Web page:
After the war, Garrett served two terms as commandant of the Staff College, Queenscliff, in 1946–47 and 1949–51. Between these appointments he was posted to Japan with the British Commonwealth Occupation Force. Promoted major general, he became General Officer Commanding (GOC) Western Command in August 1951, and Deputy Chief of the General Staff in January 1953. He took over Southern Command as a lieutenant general in October 1954, and was appointed a Companion of the Order of the Bath in 1957. As CGS from March 1958, Garrett focused on rearmament and reorganisation, initiating the Army's short-lived restructure into a "pentropic" formation. He was knighted in 1959. After retiring from the military in June 1960, Garrett became Honorary Colonel of the Royal Australian Regiment, and was principal of the Australian Administrative Staff College until 1964. He died at Mornington, Victoria, in 1977.

Early life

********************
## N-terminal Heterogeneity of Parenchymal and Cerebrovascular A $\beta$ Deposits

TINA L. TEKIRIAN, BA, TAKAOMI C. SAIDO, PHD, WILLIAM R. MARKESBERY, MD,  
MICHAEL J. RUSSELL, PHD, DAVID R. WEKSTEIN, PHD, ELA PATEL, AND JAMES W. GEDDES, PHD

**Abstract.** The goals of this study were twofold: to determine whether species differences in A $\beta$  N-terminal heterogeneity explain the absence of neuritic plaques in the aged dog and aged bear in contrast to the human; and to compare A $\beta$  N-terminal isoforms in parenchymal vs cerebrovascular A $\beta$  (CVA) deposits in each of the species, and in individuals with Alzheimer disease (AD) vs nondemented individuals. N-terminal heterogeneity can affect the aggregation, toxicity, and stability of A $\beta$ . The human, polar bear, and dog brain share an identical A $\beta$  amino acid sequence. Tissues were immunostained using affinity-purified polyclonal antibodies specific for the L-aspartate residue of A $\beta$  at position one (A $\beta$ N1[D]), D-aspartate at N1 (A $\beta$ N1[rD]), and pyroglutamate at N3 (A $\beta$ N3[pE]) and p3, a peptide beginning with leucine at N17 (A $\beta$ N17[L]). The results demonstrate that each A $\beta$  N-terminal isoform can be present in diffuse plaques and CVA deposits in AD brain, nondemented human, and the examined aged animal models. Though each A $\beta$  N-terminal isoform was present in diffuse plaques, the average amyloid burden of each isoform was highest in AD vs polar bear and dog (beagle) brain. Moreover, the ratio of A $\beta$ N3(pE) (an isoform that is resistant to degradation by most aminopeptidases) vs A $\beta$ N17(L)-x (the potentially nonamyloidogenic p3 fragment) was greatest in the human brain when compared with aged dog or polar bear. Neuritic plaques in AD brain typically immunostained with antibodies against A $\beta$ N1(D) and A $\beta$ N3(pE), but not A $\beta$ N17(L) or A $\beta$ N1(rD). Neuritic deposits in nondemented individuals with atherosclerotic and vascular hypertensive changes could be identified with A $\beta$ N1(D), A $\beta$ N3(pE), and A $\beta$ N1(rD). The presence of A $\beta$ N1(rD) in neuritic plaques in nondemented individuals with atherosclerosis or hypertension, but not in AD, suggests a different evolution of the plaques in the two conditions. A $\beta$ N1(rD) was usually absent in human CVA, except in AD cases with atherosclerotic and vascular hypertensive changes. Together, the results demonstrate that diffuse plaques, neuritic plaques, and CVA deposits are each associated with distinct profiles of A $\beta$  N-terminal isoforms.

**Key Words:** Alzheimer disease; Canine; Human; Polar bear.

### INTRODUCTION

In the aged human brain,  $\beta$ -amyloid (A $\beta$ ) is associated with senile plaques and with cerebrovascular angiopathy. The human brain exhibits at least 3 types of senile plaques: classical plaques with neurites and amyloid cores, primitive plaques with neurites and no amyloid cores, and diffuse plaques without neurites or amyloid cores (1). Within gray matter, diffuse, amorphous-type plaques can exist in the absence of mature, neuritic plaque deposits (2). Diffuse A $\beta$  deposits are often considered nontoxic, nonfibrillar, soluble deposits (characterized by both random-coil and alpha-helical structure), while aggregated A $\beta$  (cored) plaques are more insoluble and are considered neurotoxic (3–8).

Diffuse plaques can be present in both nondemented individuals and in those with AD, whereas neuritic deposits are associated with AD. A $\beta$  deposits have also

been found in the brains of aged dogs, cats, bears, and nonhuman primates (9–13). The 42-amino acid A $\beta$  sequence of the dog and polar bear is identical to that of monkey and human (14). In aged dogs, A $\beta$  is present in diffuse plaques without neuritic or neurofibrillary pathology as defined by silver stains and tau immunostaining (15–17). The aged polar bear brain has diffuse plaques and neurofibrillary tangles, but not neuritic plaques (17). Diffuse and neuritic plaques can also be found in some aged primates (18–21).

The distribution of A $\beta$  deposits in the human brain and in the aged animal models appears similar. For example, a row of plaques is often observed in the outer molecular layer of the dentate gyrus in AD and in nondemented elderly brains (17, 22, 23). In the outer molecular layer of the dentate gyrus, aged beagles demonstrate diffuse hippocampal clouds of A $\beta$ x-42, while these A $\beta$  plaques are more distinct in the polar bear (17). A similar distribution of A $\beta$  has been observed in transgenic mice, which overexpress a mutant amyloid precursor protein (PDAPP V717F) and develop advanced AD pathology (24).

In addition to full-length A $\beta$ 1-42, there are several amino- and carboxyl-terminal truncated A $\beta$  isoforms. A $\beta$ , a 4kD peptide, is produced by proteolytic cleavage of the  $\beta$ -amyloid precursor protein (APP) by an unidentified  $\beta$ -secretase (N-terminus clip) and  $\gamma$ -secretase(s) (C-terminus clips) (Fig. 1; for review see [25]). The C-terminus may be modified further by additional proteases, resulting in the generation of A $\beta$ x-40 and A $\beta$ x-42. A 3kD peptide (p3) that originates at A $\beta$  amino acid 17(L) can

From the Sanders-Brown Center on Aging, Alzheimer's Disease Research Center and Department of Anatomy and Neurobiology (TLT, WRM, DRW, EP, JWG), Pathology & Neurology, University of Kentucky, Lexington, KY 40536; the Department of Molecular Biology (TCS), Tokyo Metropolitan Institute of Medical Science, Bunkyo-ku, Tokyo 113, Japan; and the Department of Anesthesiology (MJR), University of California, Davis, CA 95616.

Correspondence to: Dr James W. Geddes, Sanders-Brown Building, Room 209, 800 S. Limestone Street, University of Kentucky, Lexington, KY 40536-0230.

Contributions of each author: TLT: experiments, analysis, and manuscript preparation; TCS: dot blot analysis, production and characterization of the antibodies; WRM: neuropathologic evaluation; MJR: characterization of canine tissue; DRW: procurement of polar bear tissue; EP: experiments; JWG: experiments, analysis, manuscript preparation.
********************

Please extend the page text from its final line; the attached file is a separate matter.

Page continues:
Born on 12 February 1900 at Northam, Western Australia, Alwyn Ragnar Garrett was the son of accountant Alwyn Garrett and his Swedish wife Maria Carolina (née Wohlfahrt). Ragnar attended Guildford Grammar School before entering the Royal Military College, Duntroon, in 1918. He graduated in 1921 and was posted to the Australian Light Horse as a lieutenant.[2][3] In December 1922, Garrett served as an extra aide-de-camp to the new Governor of South Australia, General Sir Tom Bridges.[4] He was appointed adjutant/quartermaster of the 23rd Light Horse Regiment in November 1922.[3] In November the following year he was seconded to the British Army, and spent the next twelve months attached to the 2nd Dragoon Guards in Bangalore, India.[2][5] On his return to Australia in January 1925, Garrett was reappointed adjutant/quartermaster of the 23rd Light Horse.[3][6] He married Shirley Lorraine Hunter, a nurse, on 9 September at St Peter's Anglican Church in the Adelaide suburb of Glenelg; the couple had a son and a daughter.[2] Garrett became adjutant/quartermaster of the 9th Light Horse Regiment at Jamestown, South Australia, in February 1926.[3] He was promoted to captain in November 1929.[7][8]